Greg Laun pointed me to this paper by Alexander Todorov, Anesu Mandisodza, Amir Goren, and Crystal Hall, whose abstract states:
Inferences of competence based solely on facial appearance predicted the outcomes of U.S. congressional elections better than chance (e.g., 68.8% of the Senate races in 2004) and also were linearly related to the margin of victory. These inferences were specific to competence and occurred within a 1-second exposure to the faces of the candidates. The findings suggest that rapid, unreflective trait inferences can contribute to voting choices, which are widely assumed to be based primarily on rational and deliberative considerations.
It looks pretty interesting. I’d also like to see things broken down by elections that were and were not seriously contested. Even without appearance, we can predict something on the order of 90% of races just based on incumbency and the partisan preferences of the voters in the states and districts. This is not at all to dismiss the finding but rather to place it in the context of other factors affecting voting.
You have to be careful in interpreting the results, however. Todorov et al. seem to be saying that individual voters’ visual “inferences of competence” are affecting votes. Another story, perhaps more plausible, is that the more competent-looking people are the ones who rose to political success.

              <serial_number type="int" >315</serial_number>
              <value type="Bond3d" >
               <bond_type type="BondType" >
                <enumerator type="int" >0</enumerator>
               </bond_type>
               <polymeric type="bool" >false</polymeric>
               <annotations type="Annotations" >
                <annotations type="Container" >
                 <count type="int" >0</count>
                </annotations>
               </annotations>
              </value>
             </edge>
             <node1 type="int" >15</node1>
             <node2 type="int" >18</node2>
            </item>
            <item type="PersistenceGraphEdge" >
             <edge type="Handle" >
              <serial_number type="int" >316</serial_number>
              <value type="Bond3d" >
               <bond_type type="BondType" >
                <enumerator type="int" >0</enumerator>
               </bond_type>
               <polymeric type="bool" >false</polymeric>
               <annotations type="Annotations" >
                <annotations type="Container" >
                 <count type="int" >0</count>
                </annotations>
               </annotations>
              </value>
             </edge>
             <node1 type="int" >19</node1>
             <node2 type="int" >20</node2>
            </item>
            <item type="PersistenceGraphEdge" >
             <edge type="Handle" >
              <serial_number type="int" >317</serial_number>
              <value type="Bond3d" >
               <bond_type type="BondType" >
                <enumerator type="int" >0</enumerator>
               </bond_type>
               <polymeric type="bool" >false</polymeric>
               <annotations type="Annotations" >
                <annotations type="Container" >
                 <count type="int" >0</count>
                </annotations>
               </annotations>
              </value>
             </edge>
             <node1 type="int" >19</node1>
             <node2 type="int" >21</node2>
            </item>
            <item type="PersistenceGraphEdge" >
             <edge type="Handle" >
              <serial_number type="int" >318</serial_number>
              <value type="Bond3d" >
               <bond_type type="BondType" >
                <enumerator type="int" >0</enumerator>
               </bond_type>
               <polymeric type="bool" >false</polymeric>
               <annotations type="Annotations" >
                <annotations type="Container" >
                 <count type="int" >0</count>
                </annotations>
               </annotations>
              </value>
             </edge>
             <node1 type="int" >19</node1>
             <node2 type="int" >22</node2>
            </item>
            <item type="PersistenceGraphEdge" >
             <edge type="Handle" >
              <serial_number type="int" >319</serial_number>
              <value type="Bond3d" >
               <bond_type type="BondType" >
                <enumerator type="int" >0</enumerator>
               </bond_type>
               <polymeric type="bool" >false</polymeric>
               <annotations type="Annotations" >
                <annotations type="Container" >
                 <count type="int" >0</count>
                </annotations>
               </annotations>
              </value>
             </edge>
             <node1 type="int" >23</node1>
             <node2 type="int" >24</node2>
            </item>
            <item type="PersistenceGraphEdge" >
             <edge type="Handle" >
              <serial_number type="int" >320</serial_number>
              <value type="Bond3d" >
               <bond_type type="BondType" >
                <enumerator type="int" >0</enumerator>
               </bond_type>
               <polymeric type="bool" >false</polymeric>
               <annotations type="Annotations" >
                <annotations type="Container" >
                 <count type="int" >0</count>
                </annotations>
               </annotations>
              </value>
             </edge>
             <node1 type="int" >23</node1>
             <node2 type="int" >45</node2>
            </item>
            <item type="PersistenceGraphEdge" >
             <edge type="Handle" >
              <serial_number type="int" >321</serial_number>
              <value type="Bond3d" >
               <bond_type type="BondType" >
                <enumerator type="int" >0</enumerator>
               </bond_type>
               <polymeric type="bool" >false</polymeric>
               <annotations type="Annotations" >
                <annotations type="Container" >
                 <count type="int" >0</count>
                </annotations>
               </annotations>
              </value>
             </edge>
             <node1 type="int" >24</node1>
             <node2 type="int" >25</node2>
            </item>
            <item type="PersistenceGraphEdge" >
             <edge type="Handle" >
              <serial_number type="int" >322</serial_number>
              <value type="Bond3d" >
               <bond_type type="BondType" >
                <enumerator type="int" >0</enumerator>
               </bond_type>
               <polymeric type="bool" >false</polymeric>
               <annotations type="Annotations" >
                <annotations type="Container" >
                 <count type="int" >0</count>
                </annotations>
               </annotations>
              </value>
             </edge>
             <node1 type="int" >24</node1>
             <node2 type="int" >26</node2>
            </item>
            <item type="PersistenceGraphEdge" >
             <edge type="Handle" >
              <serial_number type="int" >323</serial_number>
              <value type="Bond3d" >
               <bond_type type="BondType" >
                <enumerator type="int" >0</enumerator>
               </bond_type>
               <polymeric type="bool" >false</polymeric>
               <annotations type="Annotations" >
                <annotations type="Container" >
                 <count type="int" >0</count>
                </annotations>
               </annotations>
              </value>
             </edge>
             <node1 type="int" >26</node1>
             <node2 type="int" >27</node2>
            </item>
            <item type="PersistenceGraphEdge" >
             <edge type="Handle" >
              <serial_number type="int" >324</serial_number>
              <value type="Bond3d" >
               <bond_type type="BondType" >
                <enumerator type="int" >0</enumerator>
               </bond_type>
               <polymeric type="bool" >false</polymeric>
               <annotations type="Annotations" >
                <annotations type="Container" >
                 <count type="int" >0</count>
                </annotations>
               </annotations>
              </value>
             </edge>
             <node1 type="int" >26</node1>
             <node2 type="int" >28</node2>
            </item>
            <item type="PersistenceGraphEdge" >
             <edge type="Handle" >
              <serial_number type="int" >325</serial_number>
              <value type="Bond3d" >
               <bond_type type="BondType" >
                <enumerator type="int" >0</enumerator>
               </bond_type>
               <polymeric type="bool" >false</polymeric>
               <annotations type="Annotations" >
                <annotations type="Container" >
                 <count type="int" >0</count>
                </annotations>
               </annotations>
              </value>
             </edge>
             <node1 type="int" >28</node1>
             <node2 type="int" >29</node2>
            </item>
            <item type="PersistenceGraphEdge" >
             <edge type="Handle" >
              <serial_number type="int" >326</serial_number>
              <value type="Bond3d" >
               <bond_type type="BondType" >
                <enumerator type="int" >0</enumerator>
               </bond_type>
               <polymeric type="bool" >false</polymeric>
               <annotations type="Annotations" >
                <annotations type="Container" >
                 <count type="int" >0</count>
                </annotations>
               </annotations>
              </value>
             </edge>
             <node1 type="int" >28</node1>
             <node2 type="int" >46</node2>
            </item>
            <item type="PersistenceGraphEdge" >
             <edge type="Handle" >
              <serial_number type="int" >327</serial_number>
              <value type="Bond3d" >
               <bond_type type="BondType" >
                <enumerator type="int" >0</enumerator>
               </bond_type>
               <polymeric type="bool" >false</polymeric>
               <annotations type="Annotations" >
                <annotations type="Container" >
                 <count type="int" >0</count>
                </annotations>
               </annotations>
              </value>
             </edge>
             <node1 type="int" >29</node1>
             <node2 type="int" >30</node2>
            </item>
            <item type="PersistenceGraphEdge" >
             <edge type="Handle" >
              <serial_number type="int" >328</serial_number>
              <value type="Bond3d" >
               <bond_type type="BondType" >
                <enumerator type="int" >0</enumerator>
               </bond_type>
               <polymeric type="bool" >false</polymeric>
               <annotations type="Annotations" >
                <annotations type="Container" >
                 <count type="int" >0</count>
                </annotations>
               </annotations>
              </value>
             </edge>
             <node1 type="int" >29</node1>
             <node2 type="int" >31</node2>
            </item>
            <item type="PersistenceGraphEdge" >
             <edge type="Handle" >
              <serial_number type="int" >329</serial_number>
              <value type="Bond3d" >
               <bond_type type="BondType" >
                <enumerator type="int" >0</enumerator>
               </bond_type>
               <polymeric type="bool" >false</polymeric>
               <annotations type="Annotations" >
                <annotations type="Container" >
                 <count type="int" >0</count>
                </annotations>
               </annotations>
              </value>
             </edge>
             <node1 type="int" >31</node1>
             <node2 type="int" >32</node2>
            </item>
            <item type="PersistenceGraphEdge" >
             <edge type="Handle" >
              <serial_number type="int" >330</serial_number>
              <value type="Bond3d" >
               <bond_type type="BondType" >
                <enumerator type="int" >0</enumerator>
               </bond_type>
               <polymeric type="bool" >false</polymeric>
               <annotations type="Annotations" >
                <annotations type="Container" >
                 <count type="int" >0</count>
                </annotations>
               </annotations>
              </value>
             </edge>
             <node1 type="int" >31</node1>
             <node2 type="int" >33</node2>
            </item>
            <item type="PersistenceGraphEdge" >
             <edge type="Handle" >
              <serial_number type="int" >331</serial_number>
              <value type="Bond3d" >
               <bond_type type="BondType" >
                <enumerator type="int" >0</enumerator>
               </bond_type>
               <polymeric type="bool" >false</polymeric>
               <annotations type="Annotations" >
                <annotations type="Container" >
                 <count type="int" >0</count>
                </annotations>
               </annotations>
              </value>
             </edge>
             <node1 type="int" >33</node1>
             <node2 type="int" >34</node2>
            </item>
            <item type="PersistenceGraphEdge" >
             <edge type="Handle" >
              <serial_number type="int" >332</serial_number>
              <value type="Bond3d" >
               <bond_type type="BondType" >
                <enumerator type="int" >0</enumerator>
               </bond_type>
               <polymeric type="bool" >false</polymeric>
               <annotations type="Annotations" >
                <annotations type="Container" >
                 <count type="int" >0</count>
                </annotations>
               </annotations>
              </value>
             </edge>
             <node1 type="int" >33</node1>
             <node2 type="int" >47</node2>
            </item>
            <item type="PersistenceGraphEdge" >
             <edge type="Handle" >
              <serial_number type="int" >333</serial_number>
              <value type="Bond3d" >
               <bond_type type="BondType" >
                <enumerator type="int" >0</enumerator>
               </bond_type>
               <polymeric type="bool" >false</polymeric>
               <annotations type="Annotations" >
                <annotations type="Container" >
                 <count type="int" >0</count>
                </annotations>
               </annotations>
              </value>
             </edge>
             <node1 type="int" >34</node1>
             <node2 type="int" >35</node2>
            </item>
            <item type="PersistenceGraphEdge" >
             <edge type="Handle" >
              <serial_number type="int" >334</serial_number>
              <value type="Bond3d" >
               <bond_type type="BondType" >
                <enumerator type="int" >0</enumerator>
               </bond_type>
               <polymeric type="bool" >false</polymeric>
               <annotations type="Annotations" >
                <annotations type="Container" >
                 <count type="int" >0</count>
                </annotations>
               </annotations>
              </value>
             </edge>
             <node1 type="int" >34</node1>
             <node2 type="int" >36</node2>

The accompanying editorial in the journal (by Leslie Zebrowitz and Joann Montepare) associates the appearance of competence with not looking baby-faced. But I’m amused by the part of the editorial that puzzles over why appearance isn’t the only thing that matters: “When does perceived competence fail to predict election outcomes? Todorov et al. found that more competent-looking candidates were defeated in 30% of races. One possible explanation is that face biases could have favored babyfaced candidates in those particular contests. . . .” I mean, sure the findings are interesting, but chill out! Can’t you be satisfied with predicting 70% of the time? That seems pretty good to me!
Finally, that “68.8%” in the abstract is funny. People just don’t know about rounding. (And, of course, Table 1 should be a time series graph. But I do give them credit for doing a secret-weapon-style display.)